“17 Border Crossings,” a one-man show by Thaddeus Phillips, explores the idea of traveling between different countries.
Courtesy Photo

Some topical theater works date quickly as the world changes around them. Others come around again as events bring the world’s attention back to certain issues. The reaction to “17 Border Crossings,” Thaddeus Phillips’ 2012 one-man show, is going through a new phase as issues of immigration and refugee rights dominate the headlines.

“A lot of the lines have a whole new level of meaning, without us doing anything,” Phillips said. “That’s been interesting, to explore the work in a different context.”

“17 Border Crossings,” which comes to the Wharton Center Sunday, is based in part on Phillips’ travels in the late 1990s and early 2000s. Phillips explores the differences in travel in Europe, North America and the Middle East, including border crossings by plane, boat and tunnel.

“The premise of the show is very simple. It’s different accounts of crossing borders,” he said. “It kind of has a standup comedy feel, but then it turns to more serious things that have happened to people who have tried to cross borders.”

The one-man-show is a mix of travelogue, live theater and commentary on the process of traveling between countries.

“The majority of crossings are based on real crossings that I did, but we’ve transformed them into second person,” Phillips explained. “You are now on this weird journey. It lifts it away from the personal, even though they’re completely personal and highly detailed. Those personal crossings have been staged in a very theatrical way, using just a table and chair and a bar of lights.”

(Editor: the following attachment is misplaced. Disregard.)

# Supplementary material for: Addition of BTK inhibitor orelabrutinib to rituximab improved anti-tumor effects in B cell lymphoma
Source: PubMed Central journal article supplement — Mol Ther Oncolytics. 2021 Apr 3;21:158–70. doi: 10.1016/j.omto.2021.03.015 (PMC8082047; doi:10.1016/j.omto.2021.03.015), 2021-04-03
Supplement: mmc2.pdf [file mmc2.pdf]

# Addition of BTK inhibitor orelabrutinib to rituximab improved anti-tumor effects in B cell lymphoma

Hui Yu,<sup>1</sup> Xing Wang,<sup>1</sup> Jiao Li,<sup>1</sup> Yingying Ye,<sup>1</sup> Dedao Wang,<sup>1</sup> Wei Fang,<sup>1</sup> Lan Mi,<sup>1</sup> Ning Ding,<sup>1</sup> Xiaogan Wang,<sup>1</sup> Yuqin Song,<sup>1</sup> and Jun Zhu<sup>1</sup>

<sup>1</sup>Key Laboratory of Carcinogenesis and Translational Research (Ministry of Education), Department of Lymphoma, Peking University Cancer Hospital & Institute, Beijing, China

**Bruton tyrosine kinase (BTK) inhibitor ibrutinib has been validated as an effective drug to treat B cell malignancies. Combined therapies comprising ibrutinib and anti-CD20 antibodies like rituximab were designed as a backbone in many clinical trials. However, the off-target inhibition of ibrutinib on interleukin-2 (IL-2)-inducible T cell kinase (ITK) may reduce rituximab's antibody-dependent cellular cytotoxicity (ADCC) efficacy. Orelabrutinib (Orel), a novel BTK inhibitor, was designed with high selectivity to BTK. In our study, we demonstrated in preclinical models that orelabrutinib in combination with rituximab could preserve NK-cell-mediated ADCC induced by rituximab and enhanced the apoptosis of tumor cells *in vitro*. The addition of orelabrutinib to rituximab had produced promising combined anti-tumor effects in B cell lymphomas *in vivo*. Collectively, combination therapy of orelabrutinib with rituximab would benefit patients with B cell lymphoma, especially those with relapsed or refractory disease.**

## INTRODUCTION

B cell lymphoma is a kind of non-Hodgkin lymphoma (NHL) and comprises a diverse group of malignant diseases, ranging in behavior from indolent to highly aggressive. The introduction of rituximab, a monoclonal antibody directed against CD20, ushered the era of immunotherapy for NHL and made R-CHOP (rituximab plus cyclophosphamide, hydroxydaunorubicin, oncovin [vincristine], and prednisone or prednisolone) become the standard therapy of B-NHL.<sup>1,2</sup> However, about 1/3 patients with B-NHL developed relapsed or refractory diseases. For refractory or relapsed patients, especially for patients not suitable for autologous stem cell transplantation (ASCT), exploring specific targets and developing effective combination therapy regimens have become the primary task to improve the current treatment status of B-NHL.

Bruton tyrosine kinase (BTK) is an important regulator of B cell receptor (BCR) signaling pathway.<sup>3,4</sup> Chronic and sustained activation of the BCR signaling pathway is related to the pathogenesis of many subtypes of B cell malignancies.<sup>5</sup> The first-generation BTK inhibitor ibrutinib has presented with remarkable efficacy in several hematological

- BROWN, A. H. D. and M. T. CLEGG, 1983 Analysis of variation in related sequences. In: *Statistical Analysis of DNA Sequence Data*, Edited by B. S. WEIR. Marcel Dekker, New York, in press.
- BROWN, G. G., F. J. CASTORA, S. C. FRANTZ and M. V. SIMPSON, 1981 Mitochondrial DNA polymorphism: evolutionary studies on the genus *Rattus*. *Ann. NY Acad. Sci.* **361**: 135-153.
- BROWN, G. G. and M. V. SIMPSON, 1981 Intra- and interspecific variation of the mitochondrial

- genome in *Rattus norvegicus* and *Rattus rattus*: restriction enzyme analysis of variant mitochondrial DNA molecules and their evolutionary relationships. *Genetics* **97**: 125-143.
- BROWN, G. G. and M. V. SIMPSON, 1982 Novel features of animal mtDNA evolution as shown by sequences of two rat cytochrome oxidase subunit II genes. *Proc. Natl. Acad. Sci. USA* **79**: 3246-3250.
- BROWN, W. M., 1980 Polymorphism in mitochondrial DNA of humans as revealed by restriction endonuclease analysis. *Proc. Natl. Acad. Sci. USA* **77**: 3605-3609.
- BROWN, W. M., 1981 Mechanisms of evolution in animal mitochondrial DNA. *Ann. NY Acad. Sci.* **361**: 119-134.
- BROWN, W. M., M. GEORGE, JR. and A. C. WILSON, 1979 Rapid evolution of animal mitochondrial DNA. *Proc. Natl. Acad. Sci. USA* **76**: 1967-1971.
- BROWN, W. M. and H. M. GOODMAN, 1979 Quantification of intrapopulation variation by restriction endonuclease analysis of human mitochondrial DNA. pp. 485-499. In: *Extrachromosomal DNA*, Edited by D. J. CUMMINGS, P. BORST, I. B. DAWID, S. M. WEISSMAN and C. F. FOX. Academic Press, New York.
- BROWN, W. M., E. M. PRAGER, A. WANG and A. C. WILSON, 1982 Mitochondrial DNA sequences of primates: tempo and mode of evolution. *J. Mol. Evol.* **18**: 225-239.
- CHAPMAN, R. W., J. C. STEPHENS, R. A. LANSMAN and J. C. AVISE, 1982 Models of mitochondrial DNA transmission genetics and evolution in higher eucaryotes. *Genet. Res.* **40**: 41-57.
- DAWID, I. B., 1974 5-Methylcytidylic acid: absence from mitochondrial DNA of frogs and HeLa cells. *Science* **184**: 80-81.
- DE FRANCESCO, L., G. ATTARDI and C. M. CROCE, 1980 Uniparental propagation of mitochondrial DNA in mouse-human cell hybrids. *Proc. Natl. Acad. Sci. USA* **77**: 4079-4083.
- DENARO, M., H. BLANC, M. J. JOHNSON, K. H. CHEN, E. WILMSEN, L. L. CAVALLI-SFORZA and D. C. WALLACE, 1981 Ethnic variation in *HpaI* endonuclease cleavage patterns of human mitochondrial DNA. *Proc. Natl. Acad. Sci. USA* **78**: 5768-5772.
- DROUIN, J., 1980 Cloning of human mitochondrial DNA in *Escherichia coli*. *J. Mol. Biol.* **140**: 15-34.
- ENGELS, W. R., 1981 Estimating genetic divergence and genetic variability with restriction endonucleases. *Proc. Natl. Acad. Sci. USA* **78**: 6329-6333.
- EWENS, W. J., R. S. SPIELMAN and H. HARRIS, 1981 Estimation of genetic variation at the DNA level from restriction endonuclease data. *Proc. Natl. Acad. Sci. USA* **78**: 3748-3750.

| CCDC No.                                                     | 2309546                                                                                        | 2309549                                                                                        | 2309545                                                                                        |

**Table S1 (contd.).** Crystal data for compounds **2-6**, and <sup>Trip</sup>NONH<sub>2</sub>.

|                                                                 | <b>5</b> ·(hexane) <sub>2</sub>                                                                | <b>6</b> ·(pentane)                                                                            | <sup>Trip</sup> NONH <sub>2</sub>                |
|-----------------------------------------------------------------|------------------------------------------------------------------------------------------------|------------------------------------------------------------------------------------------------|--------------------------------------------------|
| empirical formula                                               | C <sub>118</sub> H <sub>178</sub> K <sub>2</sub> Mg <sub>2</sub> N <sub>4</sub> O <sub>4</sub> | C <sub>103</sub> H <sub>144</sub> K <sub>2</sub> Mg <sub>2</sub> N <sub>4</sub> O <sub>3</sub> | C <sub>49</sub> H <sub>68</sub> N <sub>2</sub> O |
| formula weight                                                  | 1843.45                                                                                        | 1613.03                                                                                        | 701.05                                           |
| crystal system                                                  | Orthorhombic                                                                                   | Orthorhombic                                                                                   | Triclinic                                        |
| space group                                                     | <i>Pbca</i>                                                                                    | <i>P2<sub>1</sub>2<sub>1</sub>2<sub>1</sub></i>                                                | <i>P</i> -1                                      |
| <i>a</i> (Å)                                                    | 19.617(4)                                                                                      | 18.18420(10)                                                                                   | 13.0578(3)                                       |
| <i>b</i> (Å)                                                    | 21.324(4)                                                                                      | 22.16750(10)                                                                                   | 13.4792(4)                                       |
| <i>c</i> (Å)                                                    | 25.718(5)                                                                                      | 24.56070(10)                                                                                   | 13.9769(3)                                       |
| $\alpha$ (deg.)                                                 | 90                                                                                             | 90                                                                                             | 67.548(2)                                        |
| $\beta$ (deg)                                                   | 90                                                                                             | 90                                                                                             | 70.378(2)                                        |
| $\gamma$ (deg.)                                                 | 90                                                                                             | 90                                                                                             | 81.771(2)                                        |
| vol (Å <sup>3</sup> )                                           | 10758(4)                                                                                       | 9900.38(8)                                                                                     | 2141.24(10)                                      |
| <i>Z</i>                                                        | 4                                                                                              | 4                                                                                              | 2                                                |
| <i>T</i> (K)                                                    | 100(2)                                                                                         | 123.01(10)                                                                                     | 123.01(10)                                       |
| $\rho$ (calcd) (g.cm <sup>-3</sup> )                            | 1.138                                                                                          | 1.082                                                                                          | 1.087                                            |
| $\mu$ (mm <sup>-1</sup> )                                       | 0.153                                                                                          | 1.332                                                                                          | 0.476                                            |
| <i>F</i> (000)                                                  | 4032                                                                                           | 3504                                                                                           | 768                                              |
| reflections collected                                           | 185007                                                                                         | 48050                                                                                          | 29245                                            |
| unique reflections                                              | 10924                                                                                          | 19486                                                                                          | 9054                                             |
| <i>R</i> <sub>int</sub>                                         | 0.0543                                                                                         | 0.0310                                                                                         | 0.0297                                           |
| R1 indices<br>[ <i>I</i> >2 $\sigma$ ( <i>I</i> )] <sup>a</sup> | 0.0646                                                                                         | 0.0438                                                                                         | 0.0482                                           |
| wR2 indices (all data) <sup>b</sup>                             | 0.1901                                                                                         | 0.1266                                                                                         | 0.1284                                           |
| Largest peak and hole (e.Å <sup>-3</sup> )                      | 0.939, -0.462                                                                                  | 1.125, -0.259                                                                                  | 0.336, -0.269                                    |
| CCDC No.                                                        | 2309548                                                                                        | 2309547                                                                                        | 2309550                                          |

Phillips also draws on the experiences of others to reflect on those who cross borders not by choice, but out of necessity.

“When I sit at the desk, in more of a monologue format, I tell stories from the news or other interesting stories that make the show about everyone,” he said. “It gives you the perspective of other people trying to get out of their situations.”

Some border crossings reflect a particular era. A pre-European Union crossing from Germany to Holland includes an encounter with border police. Other times, Phillips adjusts the show to reflect changes in countries’ travel policies.

“I’ve started having U.S. border agents take away the character’s cell phone, because that’s something we heard they were doing,” Phillips said.

Phillips finds that audience reactions have shifted over time in response to political events. A U.S.-to-Mexico crossing set in Newark’s Liberty International Airport, for example, is now colored by President Trump’s fraught relationship with our southern neighbors.

“Some lines in there have much more resonance,” Phillips said. “It’s about borders all over the world, so it takes on different meanings at different times.”

Phillips insists that his work isn’t “explicitly political,” but that it draws on the climate around him.

“We did a piece about tourism and terrorism right after 9/11. And I’ve done a piece about driving a Winnebago fueled by fryer grease from fast food restaurants, and it’s all about global warming and running out of oil,” he said. “But it’s not directly about that. You’re watching characters in situations that reflect those things. So in that sense, it’s a roundabout, poetic way to look at the world.”

“17 Border Crossings”
6:30 p.m. Sunday, March 26
Tickets start at $34.50/$18 students
Pasant Theatre
Wharton Center
750 E. Shaw Lane, East Lansing
(517) 432-2000, whartoncenter.com

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